Minority Women at Work

female-owned businesses

Source: See Methodology

Across the country, minority women represent nearly 23 percent of the total population. While the ratio of minority women in Delaware (20.7%) is lower than the national average, the state ranked first overall for the number of minority women-owned businesses in America. In 2012, Delaware established the Office of Supplier Diversity to help promote the diverse array of minority, veteran, and women-owned small businesses across the state in addition to specialized work contracts. Other state-specific resources in Delaware for minority women-led firms (and women-led firms in general) include the Wilmington Delaware Women in Business forum, the National Association of Business Women Delaware, and Delaware Black.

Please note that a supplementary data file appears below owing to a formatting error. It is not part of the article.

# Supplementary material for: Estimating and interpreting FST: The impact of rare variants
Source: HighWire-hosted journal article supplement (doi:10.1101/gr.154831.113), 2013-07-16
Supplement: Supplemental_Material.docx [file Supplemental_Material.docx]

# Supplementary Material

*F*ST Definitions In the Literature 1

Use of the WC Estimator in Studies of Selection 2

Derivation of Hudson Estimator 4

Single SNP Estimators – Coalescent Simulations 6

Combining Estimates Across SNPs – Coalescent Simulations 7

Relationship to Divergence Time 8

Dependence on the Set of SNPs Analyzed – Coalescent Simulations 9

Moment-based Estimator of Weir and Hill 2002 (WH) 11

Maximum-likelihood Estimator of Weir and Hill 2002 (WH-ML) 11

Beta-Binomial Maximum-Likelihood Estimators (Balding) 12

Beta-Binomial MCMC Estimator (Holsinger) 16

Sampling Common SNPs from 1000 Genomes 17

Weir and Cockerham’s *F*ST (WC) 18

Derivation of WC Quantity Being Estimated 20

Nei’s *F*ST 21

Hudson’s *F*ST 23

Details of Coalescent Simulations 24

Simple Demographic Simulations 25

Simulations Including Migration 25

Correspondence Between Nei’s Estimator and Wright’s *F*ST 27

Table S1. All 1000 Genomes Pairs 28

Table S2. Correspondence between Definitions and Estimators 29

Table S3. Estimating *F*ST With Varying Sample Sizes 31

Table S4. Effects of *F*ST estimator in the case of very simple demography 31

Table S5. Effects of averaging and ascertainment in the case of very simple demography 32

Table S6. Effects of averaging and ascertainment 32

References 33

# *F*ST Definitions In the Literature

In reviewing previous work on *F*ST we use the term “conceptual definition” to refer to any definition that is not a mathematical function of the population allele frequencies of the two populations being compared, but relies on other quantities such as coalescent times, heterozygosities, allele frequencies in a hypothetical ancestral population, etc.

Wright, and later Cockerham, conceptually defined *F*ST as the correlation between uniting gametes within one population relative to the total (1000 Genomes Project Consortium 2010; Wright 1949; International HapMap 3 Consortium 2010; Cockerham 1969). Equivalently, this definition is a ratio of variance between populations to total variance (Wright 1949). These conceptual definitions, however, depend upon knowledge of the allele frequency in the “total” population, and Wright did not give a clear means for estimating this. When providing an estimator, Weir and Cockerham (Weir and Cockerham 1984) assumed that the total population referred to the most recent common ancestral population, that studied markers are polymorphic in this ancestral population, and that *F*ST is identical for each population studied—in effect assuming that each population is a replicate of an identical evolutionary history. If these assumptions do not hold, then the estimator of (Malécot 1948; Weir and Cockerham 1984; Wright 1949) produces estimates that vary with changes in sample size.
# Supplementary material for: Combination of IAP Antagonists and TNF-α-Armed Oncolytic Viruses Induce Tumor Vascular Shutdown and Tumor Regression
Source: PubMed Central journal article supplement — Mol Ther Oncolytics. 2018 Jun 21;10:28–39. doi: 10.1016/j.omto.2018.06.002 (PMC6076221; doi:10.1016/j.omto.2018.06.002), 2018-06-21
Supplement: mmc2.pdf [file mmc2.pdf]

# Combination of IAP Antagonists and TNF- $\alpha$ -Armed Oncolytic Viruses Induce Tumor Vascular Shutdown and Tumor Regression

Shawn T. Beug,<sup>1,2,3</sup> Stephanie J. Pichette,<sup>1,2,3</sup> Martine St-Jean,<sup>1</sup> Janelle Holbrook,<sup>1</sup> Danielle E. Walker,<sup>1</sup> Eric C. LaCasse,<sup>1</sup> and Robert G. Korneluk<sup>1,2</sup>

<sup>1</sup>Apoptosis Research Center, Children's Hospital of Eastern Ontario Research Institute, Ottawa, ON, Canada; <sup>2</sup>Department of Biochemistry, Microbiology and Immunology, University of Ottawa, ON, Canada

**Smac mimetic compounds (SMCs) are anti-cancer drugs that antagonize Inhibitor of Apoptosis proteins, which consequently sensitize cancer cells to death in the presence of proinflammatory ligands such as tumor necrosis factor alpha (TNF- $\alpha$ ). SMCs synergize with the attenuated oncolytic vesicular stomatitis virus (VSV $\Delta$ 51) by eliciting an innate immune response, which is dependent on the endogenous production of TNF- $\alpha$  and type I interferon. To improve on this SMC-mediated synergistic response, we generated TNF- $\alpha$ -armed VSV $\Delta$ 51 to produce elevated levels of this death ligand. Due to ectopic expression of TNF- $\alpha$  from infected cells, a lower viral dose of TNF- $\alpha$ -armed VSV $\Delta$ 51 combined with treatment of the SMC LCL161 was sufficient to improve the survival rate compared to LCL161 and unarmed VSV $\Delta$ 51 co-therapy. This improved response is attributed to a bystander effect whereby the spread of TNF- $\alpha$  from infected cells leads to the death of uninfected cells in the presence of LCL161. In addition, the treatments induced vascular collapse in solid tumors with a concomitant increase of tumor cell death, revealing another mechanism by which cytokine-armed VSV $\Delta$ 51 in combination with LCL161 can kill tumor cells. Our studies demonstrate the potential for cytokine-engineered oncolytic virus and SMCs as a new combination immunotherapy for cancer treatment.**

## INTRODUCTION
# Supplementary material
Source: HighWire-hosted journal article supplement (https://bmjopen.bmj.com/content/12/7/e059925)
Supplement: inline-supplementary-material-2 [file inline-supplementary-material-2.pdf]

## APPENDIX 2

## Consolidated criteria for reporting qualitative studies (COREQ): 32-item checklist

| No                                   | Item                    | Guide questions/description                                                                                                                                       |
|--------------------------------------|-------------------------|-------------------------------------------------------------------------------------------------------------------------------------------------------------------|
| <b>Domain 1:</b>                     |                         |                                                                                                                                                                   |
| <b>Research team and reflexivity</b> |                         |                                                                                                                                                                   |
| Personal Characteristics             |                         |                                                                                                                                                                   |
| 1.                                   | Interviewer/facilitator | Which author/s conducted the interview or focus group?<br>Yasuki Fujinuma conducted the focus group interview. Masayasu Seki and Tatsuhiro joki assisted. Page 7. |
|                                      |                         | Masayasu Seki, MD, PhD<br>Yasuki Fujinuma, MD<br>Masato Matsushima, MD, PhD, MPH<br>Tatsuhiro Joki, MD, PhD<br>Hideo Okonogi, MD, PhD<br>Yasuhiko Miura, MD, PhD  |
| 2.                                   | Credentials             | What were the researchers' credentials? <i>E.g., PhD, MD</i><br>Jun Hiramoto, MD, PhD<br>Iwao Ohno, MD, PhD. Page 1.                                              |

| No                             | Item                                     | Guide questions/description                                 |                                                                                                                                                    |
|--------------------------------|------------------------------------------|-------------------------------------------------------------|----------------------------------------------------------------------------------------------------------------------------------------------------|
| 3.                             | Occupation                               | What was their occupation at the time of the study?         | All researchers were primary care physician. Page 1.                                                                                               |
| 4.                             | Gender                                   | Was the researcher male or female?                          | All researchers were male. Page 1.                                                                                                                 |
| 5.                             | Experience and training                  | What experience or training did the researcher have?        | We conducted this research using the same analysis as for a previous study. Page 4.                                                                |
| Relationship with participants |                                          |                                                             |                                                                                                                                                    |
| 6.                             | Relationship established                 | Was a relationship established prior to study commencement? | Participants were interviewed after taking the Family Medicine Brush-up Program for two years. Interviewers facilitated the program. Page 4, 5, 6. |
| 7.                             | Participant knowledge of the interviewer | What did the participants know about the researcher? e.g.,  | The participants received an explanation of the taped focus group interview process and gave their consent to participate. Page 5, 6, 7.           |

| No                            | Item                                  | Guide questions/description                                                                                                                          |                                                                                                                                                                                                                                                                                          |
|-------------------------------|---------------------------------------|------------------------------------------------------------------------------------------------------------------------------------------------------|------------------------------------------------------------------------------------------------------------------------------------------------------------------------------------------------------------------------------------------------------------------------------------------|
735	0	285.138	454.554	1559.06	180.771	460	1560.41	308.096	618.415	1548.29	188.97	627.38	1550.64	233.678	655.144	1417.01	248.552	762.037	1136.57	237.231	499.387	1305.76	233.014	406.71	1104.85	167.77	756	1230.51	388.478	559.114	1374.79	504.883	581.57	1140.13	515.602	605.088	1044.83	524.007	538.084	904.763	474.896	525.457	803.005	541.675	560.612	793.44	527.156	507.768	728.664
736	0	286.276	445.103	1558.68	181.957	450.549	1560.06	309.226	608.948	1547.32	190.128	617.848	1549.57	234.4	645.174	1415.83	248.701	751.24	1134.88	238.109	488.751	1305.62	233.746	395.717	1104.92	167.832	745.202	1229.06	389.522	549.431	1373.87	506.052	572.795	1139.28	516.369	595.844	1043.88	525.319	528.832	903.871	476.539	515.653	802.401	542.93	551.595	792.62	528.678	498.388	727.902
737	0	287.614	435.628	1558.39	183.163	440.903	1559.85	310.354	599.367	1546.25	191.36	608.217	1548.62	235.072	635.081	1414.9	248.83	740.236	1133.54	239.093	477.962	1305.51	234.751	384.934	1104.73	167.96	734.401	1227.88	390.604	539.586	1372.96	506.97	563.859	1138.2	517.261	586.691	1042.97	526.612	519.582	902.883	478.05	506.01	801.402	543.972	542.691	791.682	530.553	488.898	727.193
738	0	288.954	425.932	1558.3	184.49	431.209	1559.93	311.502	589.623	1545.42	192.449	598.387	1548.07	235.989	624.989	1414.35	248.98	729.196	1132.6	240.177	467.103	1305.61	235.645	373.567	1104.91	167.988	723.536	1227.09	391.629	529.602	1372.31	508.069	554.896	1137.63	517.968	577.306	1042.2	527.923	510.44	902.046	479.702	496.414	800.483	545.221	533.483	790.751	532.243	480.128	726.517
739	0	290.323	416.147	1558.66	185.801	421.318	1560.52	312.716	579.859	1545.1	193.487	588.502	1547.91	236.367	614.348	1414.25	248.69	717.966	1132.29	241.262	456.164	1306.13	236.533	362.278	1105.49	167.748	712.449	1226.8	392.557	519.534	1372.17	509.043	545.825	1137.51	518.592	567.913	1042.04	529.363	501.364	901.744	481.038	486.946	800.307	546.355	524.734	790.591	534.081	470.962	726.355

Maryland (17.6 businesses per every 100,000 residents), Mississippi (11.1), and Washington (5.1) also rated among the best states for minority female-owned businesses. In Mississippi, the MDA (Mississippi Development Authority) connects women and minority entrepreneurs to key industry partners in both the public and private sectors to help create networking events and identify subcontracting opportunities. Washington offers similar resources, including the Washington State Office of Minority and Women’s Business Enterprises (OMWBE), which connects women and minority women to loan opportunities and contract bidding.

Your Partner in Growth

There’s no denying the impact small businesses have on the U.S. economy. Despite the challenges owners may face along the way or the competition they endure from bigger ventures, their efforts help create jobs, funnel money back into their communities, and create greater financial stability. In recent years, the number of minorities and women supporting the economy as small business owners has increased exponentially, as well.